Monday, September 02, 2019

Batch of links

- Here’s a really neat website called Reading Length: you start by taking a quick test to determine how many words a minute you read on average, and then you enter the title of any book (in English) and you’ll know how long it should take you to read it. This is how I figured out that I had plenty of time to reread The Complete MAUS by Art Spiegelman (just under 5 hours) before leaving for the summer!

- The New York Times published an article last week about the latest research into the effect of genes on sexual orientation, which suggests that genes are responsible for only about a third of the reasons why someone might be homosexual. Other reasons include social and environmental factors. (This is not to be misconstrued as saying that people who are homosexual have in any way chosen their sexual orientation – I’ve yet to hear of a single case where that would be true, and I for one certainly didn’t choose to be straight. It simply means that raw data from one’s DNA doesn’t account for everything. Another simplified example: one’s DNA might code for “being tall”, but if that person doesn’t get all the necessary nutrients during their growth period, thein their height will not be optimal, through no fault of their own and certainly through no conscious decision on their part.)

We already knew that DNA isn’t the only factor in determination of sexual preferences. If it were, identical twins would always have the same sexual orientation, but apparently a gay identical twin has only a 20% chance of their twin being gay as well. That being said, the most glaring omission here, in my opinion, is that this article did not at all bring up prenatal endocrine influences, which are known to play a role in sexual preferences without being directly genetic!

- I already knew that androgen levels in utero are correlated with sexual orientation, especially for female fetuses (see here or here, though some reach different conclusions with the same evidence here). In short, as far as we know, higher levels of exposure to androgen hormones for a female fetus are correlated with a higher chance of the grown woman being a lesbian.

It’s different for male fetuses. In university, I studied both biology and psychology, where I took classes in ethology, bioethics as well as sex and gender psychology, and here’s how the topic was presented. I was taught that it had to do with epigenetics, that is, that there might be one or – more likely – several genes that code for homosexuality, , but whether or not those genes are expressed depends on a specific combination of genes or on factors external to the individual’s DNA (such as the environment in which they grow up). So at that point (c. 2001), the research showed that gay men were more likely to be the youngest sibling in the family. (I don’t remember specifically hearing about whether the sex of their older siblings made a difference.) The leading theory at the time was that perhaps because they were the youngest, their mother “babied” them and they then identified with her more, and IF they had the genes that predisposed them to being gay, those genes were then activated. It was the kind of explanation that “sounded legit” and there wasn’t yet any evidence to refute it, so it stood for a while, even though a lot of men are close to their mom without being gay and vice versa. But over the summer I learned that this was debunked a few years ago: this article explains that a woman pregnant with a male fetus makes antibodies that target the Y chromosome, and the more male fetuses she carries over her life, the higher the level of those antibodies. This means that each subsequent male child is that much more likely to be gay than his older brother(s). It’s a very interesting example of the influence of the environment (in this case, the womb) on the wiring of the brain, in a way that is not technically genetic, but is still independent of any influence after birth.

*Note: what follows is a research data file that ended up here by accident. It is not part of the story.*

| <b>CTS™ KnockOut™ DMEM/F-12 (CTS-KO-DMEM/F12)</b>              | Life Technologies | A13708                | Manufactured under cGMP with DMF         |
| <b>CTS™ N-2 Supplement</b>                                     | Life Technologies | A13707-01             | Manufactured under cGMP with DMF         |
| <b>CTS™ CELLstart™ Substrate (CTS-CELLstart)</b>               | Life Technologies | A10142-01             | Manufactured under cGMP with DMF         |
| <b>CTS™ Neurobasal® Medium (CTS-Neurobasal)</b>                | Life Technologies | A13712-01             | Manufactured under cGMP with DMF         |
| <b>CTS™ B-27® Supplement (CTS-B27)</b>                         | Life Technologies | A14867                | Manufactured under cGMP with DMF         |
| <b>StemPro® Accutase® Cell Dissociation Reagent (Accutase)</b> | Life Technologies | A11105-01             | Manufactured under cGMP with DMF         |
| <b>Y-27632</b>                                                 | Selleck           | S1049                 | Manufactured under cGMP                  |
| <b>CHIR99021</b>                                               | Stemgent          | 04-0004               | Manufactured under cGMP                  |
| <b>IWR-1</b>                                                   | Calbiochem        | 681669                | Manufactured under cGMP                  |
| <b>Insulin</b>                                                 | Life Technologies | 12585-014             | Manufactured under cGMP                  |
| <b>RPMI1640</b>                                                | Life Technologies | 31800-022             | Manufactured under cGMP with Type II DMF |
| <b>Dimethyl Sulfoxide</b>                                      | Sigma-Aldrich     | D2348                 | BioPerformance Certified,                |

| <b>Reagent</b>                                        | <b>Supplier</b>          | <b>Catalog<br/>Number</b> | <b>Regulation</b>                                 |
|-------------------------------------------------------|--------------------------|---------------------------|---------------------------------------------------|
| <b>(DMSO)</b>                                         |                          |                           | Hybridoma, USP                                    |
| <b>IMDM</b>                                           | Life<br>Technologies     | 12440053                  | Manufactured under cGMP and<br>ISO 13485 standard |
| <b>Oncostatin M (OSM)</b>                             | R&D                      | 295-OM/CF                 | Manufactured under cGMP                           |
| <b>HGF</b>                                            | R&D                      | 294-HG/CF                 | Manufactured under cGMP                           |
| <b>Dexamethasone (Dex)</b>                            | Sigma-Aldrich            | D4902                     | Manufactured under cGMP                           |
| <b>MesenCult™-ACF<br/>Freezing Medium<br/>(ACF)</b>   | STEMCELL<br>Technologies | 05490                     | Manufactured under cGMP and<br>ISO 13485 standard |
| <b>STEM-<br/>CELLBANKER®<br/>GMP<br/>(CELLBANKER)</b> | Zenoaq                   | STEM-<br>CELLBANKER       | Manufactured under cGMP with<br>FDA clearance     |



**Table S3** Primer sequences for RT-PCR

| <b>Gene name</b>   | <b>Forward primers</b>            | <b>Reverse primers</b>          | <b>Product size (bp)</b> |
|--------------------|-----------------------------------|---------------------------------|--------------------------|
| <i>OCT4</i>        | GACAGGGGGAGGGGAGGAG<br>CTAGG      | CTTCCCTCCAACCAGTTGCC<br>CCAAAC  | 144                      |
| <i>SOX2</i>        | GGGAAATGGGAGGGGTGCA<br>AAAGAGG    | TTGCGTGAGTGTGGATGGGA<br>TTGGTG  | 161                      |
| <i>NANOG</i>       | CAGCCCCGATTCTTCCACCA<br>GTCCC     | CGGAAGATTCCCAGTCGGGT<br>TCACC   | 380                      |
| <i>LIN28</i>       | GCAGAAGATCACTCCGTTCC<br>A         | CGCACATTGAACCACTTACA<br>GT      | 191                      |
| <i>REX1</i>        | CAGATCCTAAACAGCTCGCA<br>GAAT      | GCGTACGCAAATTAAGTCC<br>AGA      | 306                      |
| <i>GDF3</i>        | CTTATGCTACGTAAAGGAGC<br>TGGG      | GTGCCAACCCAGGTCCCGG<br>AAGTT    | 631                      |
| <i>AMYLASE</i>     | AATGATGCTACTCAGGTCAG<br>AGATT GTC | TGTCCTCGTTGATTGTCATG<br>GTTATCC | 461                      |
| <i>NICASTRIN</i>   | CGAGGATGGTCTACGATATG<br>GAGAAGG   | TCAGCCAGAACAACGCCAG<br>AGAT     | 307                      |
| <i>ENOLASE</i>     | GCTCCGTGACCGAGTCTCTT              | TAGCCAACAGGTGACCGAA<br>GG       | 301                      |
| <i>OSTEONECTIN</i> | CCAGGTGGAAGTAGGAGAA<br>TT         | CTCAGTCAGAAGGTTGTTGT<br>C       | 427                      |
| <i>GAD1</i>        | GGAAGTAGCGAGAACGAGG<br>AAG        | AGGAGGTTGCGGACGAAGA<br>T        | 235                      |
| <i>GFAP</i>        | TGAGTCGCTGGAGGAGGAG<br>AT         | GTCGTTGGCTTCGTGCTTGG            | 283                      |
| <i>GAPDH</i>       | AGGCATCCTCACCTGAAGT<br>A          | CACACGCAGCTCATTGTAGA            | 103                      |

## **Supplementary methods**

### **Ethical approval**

Even then, there are of course other factors at play. As anecdotal evidence, my oldest paternal uncle has a male partner, but to the best of my knowledge, all four of his younger brothers are heterosexual. We obviously still have a lot to learn here.

- In more science news, there’s a vaccine to prevent being allergic to one’s cat. The catch? The vaccine is for the cat.

- Some fairy tales may be more than 6,000 years old. I really liked this article because the methodology was similar to studies of lineage through DNA, but applied to languages.

- There’s a movement called Statues for Equality that aims to increase the number of statues of women in public spaces. Did you know that less than 3% of statues in New York are women? Well, 10 new statues were unveiled last week, all women, and more are to come.

- Apparently, mothers-in-law poisoning their son’s wife is a thing. The original Dear Prudence story is gold, and I also loved this Ask Polly response to the woman with the mushroom allergy.

- And to my dismay, glass is no longer being recycled in my neighborhood. This is going on in other residential neighborhoods as well. I mean, I came back from my summer in Montreal feeling badly that we don’t have a municipal composting program, and hey, it got even worse.

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